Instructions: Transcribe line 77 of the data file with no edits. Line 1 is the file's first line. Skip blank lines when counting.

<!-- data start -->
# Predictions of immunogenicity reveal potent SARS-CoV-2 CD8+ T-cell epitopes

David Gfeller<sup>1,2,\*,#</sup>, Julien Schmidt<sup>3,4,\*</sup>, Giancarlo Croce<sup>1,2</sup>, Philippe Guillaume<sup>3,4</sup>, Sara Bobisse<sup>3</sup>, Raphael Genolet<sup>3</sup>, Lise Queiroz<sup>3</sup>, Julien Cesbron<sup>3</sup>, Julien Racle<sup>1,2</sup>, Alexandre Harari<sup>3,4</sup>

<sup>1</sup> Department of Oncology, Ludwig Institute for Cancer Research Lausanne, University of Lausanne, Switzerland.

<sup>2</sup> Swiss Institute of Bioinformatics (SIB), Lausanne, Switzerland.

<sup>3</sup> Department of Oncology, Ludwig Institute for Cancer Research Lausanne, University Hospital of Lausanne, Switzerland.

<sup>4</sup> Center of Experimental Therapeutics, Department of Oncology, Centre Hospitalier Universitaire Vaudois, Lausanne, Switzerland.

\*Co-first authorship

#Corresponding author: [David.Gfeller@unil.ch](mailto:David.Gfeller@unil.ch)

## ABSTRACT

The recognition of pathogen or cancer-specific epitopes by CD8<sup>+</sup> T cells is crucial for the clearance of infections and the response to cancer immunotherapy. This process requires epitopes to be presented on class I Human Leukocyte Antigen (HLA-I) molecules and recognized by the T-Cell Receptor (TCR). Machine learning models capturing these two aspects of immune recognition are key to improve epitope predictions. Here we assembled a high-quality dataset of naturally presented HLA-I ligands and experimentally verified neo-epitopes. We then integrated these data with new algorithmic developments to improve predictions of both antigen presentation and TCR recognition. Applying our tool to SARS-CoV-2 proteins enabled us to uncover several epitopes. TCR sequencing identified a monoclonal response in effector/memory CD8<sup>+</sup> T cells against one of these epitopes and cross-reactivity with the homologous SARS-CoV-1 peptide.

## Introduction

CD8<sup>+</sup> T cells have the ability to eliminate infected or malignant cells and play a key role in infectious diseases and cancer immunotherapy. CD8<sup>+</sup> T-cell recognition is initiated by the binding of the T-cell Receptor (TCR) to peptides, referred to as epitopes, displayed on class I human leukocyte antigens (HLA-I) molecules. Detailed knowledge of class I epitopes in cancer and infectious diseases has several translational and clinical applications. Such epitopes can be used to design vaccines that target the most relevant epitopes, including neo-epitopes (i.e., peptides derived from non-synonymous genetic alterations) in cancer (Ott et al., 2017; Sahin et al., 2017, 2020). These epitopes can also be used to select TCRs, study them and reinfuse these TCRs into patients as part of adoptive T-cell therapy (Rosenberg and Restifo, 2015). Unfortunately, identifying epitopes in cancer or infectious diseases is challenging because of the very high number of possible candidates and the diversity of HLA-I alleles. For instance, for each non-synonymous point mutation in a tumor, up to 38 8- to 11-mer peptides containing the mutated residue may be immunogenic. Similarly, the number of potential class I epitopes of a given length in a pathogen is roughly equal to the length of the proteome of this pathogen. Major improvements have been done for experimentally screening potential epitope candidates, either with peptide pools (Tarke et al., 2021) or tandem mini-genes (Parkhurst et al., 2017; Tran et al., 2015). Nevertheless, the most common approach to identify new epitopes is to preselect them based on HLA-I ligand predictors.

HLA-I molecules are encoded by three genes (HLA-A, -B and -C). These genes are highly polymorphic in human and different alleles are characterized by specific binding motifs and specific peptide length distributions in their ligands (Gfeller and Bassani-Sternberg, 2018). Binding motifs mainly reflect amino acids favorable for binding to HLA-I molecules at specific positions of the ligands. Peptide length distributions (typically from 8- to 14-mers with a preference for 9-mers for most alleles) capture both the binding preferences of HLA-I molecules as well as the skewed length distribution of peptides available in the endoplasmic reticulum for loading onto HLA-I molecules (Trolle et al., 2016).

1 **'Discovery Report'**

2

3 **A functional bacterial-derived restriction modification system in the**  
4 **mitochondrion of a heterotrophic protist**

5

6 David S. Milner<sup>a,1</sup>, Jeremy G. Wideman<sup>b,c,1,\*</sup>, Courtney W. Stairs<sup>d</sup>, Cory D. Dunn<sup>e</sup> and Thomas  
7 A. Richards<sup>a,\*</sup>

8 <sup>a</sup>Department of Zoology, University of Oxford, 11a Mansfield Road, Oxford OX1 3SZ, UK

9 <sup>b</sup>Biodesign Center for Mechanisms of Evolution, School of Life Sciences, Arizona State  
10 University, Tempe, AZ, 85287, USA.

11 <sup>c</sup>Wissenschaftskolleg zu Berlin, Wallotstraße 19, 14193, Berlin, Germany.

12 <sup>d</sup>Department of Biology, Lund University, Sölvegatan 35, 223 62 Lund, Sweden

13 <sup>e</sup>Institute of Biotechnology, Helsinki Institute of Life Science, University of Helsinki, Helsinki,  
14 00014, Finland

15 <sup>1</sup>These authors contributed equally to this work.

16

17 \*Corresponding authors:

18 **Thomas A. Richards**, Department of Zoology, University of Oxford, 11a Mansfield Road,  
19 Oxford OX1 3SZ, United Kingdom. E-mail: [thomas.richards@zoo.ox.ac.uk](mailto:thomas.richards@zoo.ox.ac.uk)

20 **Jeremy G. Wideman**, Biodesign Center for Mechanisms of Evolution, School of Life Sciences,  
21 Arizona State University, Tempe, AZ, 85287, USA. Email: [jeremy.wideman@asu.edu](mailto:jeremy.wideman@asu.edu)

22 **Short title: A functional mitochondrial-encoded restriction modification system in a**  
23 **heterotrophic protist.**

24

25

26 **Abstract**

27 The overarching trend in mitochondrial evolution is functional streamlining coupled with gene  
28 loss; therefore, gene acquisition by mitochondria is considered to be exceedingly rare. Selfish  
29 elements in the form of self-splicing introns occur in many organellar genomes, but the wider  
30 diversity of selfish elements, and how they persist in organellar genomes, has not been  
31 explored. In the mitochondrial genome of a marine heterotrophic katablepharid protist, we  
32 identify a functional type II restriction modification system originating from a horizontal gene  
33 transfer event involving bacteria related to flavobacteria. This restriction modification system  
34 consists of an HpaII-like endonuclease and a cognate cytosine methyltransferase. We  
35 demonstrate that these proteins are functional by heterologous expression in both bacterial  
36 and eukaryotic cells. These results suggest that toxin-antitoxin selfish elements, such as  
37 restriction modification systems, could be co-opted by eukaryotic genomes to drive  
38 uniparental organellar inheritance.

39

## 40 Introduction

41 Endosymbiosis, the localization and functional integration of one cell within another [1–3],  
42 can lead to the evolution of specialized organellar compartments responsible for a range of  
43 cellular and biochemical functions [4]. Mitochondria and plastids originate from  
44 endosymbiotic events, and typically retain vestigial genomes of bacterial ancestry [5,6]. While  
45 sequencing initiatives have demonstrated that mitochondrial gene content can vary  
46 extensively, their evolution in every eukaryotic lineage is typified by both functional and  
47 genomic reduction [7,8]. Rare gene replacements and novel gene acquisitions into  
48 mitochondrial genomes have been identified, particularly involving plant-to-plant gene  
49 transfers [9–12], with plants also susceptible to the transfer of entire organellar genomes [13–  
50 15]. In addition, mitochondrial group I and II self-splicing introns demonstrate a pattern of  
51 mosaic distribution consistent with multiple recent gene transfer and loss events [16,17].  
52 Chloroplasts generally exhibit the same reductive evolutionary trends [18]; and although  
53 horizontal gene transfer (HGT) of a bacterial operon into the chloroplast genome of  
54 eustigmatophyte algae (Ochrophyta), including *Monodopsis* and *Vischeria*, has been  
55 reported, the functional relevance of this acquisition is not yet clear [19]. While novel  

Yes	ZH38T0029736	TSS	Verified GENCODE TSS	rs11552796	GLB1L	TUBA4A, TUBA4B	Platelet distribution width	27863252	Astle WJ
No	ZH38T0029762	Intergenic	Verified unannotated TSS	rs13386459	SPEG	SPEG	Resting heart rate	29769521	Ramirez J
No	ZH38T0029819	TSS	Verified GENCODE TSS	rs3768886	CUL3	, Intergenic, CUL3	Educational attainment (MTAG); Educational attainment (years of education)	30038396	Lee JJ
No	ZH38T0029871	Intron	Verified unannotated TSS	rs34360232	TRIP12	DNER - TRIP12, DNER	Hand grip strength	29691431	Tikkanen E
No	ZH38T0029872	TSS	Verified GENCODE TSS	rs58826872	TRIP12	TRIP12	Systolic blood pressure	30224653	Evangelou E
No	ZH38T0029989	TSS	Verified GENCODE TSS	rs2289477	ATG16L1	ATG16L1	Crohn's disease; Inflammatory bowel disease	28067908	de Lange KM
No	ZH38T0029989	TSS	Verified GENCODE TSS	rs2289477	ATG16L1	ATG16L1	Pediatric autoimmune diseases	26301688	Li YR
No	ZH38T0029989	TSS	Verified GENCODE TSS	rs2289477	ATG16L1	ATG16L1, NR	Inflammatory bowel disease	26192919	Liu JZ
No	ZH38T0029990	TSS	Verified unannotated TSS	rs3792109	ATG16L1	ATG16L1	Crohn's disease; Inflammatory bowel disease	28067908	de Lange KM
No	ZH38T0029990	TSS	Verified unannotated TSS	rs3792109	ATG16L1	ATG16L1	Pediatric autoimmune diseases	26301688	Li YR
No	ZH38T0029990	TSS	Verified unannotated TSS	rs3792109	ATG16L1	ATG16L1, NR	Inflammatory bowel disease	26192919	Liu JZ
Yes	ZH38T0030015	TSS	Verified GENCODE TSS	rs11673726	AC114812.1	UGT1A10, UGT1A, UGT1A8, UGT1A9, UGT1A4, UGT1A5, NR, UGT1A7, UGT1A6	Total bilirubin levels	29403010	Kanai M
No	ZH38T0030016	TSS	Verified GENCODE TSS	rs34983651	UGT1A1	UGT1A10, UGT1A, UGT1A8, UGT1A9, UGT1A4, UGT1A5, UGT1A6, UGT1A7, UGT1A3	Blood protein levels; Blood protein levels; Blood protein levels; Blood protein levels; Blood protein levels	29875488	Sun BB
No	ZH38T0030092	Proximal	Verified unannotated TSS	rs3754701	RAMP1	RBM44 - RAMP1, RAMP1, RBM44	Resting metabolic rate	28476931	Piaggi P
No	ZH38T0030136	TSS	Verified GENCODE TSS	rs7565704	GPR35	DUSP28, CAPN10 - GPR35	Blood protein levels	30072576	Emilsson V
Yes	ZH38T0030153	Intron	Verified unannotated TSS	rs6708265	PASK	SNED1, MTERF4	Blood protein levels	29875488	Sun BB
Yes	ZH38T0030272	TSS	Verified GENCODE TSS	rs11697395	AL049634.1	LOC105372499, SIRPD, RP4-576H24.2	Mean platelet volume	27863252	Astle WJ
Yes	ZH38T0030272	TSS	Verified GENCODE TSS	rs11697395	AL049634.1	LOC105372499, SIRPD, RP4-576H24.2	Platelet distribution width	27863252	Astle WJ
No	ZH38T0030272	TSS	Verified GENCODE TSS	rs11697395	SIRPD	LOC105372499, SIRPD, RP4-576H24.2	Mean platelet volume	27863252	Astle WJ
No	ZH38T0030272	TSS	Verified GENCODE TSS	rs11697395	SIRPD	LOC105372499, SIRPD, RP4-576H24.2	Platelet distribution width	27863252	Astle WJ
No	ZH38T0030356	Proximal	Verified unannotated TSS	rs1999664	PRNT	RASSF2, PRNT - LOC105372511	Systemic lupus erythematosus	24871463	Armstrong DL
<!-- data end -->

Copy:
No	ZH38T0029990	TSS	Verified unannotated TSS	rs3792109	ATG16L1	ATG16L1	Crohn's disease; Inflammatory bowel disease	28067908	de Lange KM